The New York Times
Tracesby Paula Fox, Karla Kuskin Bell
A charming picture book from two celebrated masters of children's literature. This lyric poem by one of the most revered children's writers captures those faint glimpses of things that you see but don't quite recognize; sounds you can almost hear; smells, tastes, and feelings that you can't quite name. Each line of the poem and each picture in the book depict the
A charming picture book from two celebrated masters of children's literature. This lyric poem by one of the most revered children's writers captures those faint glimpses of things that you see but don't quite recognize; sounds you can almost hear; smells, tastes, and feelings that you can't quite name. Each line of the poem and each picture in the book depict the sensual essence of a child's day, each of which is totally typical yet thoroughly unique.
The New York Times
Reviewed by Jon J Muth
The day before Traces arrived on my doorstep, I saw a red fox dash across a field into the woods near my house. I wondered if it had some means of moving through the snow without leaving prints, because I couldn't find any tracks.
We do not move through the world without leaving a wake. This is both a joy and a sobering reminder of our situation. It is also the subject of Fox and Kuskin's delicate, graceful, new picture book.
Fox, the author of many excellent books, often for young readers, gives the book an energetic and distilled poetry. The opening and recurring line,"Something, someone was just here," creates the rhythm and the words, and pictures interlace to address the mystery that holds our interest-who is it? She is such a fine writer that it's a real delight when she steps fully into the wonder of children's thinking and asks, do shadows sometimes stay, after we leave?
Children draw with an earnestness that is impossible to counterfeit. Its beauty cannot usually be coaxed out by an adult hand. The charming medallion sun, torn-paper clouds and watercolor ribbon of the horizon found on these spreads all feel like the naïve and studious work of a dedicated seven-year-old. Their matter-of-factness is disarming. By choosing to make the pictures this way, Kuskin, a poet who both writes and illustrates, is literally revealing the traces her hand leaves behind. This choice fits the premise of the book beautifully.
The illustrations are almost all double-page spreads, which work well in creating an environment to discover the passage of each creature who travels through it. The pictures are much fun and fit thestory perfectly.
Near the end, in collage artwork describing "something" that leaves its traces in "scraps of paper waving," we see a piece of newspaper headline with reference to the tragedy at the Beslan School in North Ossetia, Russia, in 2004. Another refers to Iraq, and another mentions Israel, the U.S. and the Palestinians. The wonder and sense of isolated discovery in the rest of the book-crinkly paper flowers, dinosaur feet leaving tracks, children's shadows without their young casters-are left behind, and we are bounced out of the fictional dream.
The reason the red fox I saw left no prints is that the fox and its tracks were one and the same. When the fox left, its tracks went with it. All traces left with its intentions. Humans aren't like this. Our traces resonate for a very long time.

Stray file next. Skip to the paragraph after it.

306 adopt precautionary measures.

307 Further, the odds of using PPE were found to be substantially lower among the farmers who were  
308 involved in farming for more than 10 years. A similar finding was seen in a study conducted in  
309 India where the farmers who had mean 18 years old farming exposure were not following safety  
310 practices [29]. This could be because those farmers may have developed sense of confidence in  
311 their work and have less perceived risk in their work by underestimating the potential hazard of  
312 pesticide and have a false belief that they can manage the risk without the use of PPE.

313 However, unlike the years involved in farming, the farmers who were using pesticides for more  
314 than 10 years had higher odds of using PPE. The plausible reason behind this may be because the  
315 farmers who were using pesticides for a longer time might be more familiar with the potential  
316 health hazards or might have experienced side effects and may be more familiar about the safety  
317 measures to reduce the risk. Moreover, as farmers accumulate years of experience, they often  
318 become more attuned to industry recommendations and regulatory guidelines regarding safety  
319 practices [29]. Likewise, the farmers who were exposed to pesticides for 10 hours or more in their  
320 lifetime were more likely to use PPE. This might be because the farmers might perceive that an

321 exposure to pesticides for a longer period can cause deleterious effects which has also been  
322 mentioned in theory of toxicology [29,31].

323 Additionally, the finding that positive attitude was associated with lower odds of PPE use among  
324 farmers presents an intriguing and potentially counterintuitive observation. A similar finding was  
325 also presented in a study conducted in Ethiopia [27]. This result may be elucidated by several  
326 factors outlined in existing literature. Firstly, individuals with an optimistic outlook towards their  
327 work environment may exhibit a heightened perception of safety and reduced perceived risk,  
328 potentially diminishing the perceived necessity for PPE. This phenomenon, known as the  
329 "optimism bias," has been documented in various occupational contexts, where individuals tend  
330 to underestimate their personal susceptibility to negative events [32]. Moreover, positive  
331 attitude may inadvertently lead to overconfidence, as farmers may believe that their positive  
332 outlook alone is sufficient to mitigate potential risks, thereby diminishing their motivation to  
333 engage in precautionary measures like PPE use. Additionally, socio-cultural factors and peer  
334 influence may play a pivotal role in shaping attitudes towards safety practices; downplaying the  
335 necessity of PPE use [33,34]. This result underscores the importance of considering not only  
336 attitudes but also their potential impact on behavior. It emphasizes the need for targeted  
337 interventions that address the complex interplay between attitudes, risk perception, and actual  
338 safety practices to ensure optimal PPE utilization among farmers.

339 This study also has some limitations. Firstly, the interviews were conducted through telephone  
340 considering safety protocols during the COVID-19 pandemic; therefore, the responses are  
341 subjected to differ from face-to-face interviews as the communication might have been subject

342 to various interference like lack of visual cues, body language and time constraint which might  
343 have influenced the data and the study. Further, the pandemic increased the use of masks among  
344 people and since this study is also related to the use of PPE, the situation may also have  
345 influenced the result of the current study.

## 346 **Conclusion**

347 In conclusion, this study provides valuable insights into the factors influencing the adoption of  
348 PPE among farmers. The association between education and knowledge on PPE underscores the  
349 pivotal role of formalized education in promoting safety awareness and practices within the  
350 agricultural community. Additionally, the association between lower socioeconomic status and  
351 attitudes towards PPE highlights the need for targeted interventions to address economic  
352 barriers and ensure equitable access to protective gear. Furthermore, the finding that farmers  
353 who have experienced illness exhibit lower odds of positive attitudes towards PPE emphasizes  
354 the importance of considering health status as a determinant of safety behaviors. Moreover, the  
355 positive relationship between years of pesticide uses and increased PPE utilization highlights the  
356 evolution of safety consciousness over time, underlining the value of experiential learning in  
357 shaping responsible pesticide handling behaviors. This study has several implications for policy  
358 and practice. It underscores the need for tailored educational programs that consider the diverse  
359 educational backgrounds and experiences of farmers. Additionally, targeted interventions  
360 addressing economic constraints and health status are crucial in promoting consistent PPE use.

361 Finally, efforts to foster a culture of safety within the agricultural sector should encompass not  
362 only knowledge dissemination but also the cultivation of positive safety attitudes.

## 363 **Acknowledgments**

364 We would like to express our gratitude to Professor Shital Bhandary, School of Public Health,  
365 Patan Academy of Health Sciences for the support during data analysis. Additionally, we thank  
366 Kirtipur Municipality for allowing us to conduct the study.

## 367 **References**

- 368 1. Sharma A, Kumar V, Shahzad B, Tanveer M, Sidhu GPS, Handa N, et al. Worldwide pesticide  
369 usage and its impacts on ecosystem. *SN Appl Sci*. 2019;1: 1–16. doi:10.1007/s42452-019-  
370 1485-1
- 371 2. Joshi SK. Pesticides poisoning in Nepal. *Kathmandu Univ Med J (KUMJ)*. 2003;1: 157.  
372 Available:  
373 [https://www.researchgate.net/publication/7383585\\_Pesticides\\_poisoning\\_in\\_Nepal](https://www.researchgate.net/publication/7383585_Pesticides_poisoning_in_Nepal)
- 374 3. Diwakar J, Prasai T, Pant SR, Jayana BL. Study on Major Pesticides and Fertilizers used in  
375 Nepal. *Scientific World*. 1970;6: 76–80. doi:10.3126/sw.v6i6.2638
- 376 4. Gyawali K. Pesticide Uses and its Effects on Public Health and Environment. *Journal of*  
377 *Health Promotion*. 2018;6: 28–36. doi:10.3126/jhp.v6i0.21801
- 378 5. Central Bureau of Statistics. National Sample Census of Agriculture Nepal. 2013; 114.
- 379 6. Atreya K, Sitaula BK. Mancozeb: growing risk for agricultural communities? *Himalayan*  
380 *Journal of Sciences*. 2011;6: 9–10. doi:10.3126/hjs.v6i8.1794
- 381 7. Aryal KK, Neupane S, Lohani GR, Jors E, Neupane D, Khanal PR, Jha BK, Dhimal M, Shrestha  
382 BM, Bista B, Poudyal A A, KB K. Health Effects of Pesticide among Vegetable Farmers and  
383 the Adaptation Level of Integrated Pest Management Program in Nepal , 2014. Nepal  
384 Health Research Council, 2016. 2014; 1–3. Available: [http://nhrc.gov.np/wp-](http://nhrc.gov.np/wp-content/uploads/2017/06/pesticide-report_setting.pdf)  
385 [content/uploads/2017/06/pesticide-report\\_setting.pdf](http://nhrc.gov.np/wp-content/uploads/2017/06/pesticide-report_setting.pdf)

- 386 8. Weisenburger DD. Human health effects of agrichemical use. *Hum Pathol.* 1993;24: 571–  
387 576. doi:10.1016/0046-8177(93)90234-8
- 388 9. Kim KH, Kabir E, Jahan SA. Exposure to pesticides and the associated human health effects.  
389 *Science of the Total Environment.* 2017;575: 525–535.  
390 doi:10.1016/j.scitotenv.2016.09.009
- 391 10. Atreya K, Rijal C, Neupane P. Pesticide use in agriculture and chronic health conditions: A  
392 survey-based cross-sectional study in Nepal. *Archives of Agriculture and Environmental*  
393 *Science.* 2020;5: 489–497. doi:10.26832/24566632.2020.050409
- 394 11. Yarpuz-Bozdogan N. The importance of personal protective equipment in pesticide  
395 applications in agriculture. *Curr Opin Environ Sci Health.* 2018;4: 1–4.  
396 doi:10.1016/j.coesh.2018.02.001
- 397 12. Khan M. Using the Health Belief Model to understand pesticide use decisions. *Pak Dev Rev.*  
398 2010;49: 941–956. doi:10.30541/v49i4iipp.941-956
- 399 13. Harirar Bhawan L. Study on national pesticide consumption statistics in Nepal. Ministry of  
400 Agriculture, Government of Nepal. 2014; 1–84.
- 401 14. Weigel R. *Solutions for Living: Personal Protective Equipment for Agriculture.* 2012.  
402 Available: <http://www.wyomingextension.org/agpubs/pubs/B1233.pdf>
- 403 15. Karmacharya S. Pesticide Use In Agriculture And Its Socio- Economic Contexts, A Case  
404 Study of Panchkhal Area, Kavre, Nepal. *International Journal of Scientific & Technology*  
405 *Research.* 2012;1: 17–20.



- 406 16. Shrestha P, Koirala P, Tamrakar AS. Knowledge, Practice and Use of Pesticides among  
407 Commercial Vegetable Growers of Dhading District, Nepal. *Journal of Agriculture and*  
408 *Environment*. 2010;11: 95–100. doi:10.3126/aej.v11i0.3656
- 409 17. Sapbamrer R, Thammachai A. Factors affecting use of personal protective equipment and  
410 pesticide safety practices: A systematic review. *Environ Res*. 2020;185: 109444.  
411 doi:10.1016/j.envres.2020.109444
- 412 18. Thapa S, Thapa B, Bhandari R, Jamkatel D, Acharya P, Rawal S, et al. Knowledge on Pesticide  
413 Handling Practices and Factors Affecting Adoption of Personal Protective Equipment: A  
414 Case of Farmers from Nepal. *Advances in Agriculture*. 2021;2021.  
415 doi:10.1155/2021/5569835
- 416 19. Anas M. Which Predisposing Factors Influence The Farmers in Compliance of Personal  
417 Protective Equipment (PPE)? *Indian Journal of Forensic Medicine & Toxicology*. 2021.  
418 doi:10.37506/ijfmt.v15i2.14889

I now want to read the book these two extraordinarily talented artists will create when they speak directly to the issue they've raised. Ages 7-9. (Apr.)
Jon J Muth, who received a Caldecott Honor for Zen Shorts, is most recently the author/illustrator of Zen Ties (Scholastic, Feb.).Copyright © Reed Business Information, a division of Reed Elsevier Inc. All rights reserved.
Gr 1-4- "Something, someone was just here./Now there's barely a trace of it...." Again and again, readers catch glimpses of elusive animals, long-gone dinosaurs, children about to be called inside for dinner, and the invisible wind "that/can only be seen/in/its/traces." The mood of quiet exploration is supported by Kuskin's mixed-media collage scenes that take readers from a pond to a woods to a beach to a garden. Meditative children will find the idea intriguing, while action lovers may become bored by a pattern that repeats without building. The colorful spreads are delicately attractive, but the creature in question is often difficult to see, especially the turtle on the beach that gets somewhat lost in the book's gutter. Pitch this title to your more contemplative readers and poetry lovers.-Heidi Estrin, Feldman Children's Library at Congregation B'nai Israel, Boca Raton, FL
- Highlights Press
- Publication date:
- Product dimensions:
- 8.50(w) x 8.00(h) x (d)
- Age Range:
- 7 - 9 Years
Meet the Author
Paula Fox was born in New York City. She began writing books for children in the 1960s and by 1978 her contribution to children's literature was such that the International Board on Books for Young People (IBBY) awarded her the Hans Christian Andersen Medal, a biennial award for an author's entire body of work. Two of her most famous books for children are The Slave Dancer (a Newbery Medal Winner) and One-Eyed Cat (a Newbery Honor Book). She lives in Brooklyn, New York.
Karla Kuskin studied graphic design at Yale University, where she created her first children's book, Roar and More, which is still in print. Since then, she has written and illustrated over fifty books, among them The Philharmonic Gets Dressed; Dogs and Dragons, Trees and Dreams; City Dogs; and Moon, Have You Met My Mother? She won the National Council of Teachers of English Award for Poetry for Children and was the first recipient of Bank Street College of Education's lifetime achievement award. She lives on Bainbridge Island, Washington.
- Brooklyn, New York
- Date of Birth:
- April 22, 1923
- Place of Birth:
- New York, New York
- Attended Columbia University
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